WAPA Event Archives: 2004-05

Tuesday, September 7: Forensic Anthropology and the Disappeared of Argentina

Mercedes Doretti, President of the Society of Forensic Anthropology, was the representative in the U.S. of the Argentine Forensic Anthropology Team. This was the first forensic team to investigate the “disappeared” in Argentina. By now, the SFA has trained all forensic teams in Latin America and has worked in more than 30 countries in Latin America, Africa, Asia and Europe. This year, 2004, marks the 20th anniversary of the foundation of the Argentine Forensic Anthropology Team (EAAF).

She will show a video produced by the SFA and discuss the field of forensic anthropology today. Based on EAAF experiences working as forensic anthropologists for Truth Commissions, Special Commissions of Inquiry, and national and international tribunals, the discussion will include a number of recommendations involving the investigation of human rights abuses.

7 p.m., Sumner School

Sunday, September 12: Welcome Back Party

Incoming WAPA president Judith Freidenberg will host a traditional WAPA potluck to start the year for members and friends.

Sunday, September 12, 4 to 7 p.m.
9A Ridge Road, Greenbelt, MD 20770

WAPA members will please help out with the afternoon potluck by bringing the following items:

Last Name:

A to M: Main or side dish-type items

N to R: Desserts or appetizers

S to Z: Breads or salads

Drinks, utensils, and related items will be provided. Bottles of wine or containers of beer (full, preferably) are welcome.

Directions: This is a bit complicated. The home is in Greenbelt, just a couple of miles outside of the Beltway. We advise using an online guide such as Mapquest.com or an actual roadmap for guidance, at there are some tricky twists and turns. It's not difficult; it just varies by your angle of approach. If you get lost the day of the party, call (301) 486-1941. If coming by Metro (Greenbelt Station, Green Line Metro), you should be able to catch a cab from the station without much difficulty.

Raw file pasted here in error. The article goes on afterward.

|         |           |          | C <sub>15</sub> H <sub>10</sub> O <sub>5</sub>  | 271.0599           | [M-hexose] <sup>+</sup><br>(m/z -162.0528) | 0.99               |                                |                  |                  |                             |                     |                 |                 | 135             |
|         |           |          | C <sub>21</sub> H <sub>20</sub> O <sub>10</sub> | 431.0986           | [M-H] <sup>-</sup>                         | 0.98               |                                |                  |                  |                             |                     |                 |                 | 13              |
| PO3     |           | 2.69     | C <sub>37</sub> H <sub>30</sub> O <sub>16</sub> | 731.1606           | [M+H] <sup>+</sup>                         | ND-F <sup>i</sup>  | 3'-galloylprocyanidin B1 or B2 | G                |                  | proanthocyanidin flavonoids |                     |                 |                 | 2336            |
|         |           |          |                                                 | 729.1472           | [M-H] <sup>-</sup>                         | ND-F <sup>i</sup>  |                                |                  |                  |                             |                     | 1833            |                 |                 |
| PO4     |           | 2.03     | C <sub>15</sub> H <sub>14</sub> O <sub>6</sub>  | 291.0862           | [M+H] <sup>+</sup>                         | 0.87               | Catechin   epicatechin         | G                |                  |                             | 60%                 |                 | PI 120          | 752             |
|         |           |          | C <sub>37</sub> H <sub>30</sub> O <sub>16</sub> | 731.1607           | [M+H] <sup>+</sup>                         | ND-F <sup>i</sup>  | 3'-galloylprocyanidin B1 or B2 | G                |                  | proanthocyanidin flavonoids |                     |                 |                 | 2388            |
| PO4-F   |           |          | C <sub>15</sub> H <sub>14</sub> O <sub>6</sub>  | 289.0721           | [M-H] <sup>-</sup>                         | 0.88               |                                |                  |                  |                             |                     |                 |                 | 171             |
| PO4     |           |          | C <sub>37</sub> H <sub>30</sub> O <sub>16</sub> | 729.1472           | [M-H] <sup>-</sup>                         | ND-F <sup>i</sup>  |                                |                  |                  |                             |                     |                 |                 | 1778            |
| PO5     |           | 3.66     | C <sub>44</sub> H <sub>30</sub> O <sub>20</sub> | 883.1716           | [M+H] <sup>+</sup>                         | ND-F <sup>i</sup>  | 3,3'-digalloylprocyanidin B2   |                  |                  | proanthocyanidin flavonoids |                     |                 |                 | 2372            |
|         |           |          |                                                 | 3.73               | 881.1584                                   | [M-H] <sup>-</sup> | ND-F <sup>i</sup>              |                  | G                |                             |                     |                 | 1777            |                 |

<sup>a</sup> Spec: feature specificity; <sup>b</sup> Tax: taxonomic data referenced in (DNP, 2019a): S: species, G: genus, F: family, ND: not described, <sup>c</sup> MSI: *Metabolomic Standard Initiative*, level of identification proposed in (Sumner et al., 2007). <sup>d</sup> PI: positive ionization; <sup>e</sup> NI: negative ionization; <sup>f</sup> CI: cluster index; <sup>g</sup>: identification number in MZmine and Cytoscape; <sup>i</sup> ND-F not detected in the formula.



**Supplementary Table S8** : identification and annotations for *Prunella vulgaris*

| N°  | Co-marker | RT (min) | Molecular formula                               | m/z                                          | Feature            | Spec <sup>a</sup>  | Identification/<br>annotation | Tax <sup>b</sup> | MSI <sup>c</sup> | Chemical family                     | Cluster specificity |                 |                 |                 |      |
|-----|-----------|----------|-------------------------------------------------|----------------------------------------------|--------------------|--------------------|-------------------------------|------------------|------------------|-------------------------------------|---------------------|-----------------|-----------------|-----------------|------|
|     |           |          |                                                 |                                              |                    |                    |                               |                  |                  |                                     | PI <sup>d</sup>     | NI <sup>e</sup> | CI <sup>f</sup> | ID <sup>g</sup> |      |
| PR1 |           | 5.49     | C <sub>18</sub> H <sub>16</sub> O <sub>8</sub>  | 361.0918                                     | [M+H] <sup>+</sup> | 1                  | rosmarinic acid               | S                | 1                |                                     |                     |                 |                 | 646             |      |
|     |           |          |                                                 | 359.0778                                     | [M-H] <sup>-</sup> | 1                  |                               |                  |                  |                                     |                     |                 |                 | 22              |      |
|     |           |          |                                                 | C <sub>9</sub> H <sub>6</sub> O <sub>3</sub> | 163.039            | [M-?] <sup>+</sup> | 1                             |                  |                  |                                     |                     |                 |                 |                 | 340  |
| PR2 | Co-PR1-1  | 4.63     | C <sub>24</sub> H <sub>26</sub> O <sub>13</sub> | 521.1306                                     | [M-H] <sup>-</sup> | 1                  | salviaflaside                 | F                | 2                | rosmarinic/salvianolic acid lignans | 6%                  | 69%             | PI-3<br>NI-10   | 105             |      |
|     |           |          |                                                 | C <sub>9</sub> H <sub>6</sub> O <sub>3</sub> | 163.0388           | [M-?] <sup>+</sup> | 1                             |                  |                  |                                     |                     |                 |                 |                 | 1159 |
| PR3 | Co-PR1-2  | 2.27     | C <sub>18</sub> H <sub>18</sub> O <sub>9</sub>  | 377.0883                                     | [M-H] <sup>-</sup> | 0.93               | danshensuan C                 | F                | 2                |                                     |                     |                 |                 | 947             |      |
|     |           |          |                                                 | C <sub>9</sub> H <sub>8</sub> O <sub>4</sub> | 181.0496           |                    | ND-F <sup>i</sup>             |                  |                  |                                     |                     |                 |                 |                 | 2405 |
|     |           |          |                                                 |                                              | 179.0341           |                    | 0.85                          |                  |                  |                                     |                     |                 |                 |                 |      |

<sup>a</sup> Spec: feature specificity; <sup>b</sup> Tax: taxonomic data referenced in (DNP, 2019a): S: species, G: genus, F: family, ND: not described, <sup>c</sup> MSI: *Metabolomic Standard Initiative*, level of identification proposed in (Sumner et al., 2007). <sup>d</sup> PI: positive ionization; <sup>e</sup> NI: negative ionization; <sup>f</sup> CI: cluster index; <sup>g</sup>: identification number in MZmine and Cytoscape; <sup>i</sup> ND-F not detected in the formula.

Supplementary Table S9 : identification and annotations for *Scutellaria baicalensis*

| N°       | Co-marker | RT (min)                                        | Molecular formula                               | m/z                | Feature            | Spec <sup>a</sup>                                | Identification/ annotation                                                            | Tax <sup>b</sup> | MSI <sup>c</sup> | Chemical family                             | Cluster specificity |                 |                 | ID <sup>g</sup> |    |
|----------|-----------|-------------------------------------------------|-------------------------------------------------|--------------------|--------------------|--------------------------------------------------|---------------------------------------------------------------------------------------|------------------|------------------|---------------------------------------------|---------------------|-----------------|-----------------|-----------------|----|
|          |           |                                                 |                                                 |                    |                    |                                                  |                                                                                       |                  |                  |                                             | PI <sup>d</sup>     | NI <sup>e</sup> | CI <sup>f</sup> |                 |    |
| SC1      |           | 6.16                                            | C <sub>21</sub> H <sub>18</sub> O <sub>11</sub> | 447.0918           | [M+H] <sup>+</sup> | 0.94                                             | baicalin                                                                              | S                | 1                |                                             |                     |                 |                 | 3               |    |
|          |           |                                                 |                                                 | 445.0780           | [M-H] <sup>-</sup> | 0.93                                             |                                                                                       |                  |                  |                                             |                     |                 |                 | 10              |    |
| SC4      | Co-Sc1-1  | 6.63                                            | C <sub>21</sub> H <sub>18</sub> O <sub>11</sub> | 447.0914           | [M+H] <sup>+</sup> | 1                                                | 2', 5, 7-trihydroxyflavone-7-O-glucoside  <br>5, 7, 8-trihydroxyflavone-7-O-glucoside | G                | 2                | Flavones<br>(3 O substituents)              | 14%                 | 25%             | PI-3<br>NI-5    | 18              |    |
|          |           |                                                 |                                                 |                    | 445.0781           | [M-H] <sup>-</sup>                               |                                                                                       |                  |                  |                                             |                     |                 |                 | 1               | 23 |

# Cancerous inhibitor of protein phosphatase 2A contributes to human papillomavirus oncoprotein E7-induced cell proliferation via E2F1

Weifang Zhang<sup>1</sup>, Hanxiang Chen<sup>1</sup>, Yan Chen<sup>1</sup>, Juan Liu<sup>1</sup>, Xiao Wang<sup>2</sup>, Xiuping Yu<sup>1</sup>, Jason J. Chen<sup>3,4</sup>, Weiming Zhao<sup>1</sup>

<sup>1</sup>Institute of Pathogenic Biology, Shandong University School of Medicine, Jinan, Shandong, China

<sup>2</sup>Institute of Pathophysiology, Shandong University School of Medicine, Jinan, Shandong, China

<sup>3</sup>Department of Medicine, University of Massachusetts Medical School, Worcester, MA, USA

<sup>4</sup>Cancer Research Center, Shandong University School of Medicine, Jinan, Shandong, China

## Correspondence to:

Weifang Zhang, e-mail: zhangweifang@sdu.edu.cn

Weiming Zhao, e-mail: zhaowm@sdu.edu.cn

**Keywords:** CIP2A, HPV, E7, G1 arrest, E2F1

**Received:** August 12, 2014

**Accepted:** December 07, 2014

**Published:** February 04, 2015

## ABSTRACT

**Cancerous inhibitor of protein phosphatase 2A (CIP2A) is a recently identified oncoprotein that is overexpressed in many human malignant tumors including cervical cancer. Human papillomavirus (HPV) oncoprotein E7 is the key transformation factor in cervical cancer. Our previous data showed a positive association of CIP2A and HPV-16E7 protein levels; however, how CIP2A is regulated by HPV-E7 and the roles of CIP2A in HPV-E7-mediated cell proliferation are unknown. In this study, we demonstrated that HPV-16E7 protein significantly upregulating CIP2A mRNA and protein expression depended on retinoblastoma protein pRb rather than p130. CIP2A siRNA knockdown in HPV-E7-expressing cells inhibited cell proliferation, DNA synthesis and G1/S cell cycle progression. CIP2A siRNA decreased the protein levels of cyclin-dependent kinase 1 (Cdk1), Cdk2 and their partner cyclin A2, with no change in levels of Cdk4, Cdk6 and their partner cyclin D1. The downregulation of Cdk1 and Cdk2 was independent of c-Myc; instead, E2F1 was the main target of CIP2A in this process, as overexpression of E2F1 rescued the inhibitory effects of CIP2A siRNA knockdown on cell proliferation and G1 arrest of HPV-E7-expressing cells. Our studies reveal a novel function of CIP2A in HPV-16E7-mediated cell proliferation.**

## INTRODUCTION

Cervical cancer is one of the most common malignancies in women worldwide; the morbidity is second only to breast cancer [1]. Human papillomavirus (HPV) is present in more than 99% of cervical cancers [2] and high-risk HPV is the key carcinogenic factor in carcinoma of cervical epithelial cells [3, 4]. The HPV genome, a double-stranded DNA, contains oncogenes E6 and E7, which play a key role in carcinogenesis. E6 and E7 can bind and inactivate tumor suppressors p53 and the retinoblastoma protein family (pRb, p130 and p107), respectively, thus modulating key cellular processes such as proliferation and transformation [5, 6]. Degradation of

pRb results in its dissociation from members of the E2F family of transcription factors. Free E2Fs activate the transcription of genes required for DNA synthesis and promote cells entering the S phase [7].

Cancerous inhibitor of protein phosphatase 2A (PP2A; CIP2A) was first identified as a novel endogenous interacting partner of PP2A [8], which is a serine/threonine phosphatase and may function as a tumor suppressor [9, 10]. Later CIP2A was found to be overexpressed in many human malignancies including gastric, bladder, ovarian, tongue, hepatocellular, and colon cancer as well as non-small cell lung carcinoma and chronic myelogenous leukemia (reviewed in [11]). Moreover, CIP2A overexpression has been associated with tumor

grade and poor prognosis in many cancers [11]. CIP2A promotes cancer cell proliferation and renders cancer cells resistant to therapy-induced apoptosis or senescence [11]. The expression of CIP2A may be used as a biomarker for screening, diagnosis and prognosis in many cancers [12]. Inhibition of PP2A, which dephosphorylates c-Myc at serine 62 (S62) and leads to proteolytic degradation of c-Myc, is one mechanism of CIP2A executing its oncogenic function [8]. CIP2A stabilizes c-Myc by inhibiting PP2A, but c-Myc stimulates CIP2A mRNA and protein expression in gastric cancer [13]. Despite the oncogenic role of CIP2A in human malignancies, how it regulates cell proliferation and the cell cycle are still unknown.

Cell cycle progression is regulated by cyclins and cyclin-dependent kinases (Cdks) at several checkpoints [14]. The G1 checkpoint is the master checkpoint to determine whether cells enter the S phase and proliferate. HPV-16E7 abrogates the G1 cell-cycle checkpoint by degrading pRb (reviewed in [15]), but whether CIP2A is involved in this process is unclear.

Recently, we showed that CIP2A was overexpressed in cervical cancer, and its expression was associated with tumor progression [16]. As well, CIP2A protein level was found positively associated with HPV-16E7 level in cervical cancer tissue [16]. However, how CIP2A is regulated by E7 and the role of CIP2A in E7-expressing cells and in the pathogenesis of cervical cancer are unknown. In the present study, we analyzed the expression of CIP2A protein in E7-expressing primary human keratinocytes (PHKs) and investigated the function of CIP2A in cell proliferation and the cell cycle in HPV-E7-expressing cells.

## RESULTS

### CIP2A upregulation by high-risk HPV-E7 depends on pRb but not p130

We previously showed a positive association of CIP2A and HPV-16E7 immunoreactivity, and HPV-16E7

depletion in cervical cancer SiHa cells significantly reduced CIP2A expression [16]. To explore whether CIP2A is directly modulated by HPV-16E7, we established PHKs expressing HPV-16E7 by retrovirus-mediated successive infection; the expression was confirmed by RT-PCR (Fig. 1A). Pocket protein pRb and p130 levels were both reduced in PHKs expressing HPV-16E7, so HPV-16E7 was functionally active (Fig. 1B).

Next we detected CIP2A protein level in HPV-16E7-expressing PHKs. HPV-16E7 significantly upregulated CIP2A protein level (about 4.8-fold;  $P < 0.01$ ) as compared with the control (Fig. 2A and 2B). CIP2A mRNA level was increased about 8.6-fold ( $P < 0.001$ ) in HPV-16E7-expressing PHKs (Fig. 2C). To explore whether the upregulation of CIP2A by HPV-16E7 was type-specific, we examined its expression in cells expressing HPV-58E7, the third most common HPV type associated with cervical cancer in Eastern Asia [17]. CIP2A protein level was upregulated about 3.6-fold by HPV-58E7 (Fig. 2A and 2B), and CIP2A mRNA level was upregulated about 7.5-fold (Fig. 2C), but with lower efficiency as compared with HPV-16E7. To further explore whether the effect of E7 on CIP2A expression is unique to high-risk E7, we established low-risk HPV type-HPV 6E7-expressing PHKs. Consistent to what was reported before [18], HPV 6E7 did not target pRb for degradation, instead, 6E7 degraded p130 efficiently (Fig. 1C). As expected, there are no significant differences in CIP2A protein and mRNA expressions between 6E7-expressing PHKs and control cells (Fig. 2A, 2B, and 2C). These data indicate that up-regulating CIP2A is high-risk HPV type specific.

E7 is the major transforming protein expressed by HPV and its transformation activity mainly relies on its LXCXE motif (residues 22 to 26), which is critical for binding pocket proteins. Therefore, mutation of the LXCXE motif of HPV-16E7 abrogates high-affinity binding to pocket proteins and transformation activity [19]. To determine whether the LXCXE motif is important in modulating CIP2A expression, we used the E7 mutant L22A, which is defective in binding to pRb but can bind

Please RSVP by September 9 by calling (301) 405-1420, or send an e-mail message to: wapapresident@yahoo.com.

Tuesday, October 5: The Anthropology of Architecture: JAZZSPACE: A Provisional Report on the Production of Existential Place Identity

Architect William Wesley Taylor, AIA, Associate Professor, School of Architecture & Design, Howard University, Washington, DC will lead the discussion.

The critique of Modernism has resulted in an expansion of the way we think regarding with whom and what architecture should be concerned. However, to date there has been relatively little of what might be called original architectural research that might establish some collective agreement within architectural culture regarding these issues. Architectural theory, in fact, expands primarily through the appropriation of bits and pieces of other outside disciplines. It borrows particularly from anthropology, because anthropology confronts certain issues that are crucial in architectural discourse. One: what do human groups report as their perceived reality? Two: how do these perceptions condition individual and collective behavior? And, three: how do you find out about one and two?

Anthropology's response to the third issue, qualitative inquiry, has guided my own inquires into the three questions, particularly with regard to congruencies between constructs of identity and patterns of behavior. This perspective proceeds from the belief that there is much that can be learned from critical scrutinies of informal, organic processes of place production in the ways that urban populations construct spatially located identity.

The call and response rituals in jazz club performances are believed to locate particularly powerful generators of existential place identity. JAZZSPACE comprises dense transfers of spatial symbolization through ritual processes synergistically constructed by patrons and players alike. JAZZSPACE insiders are the exclusive residents of these symbolically rich spatial forms, which they construct almost entirely through the deployment of their own social-cultural resources. It is within these processes that existential place identification is established and preserved.

7 p.m., Sumner School

Tuesday, November 9: Commemorating the Underground Railroad: The Network to Freedom
Program Change

Speaker: Dr. Jenny Masur, Underground Railroad Coordinator, National Capital Region, National Park Service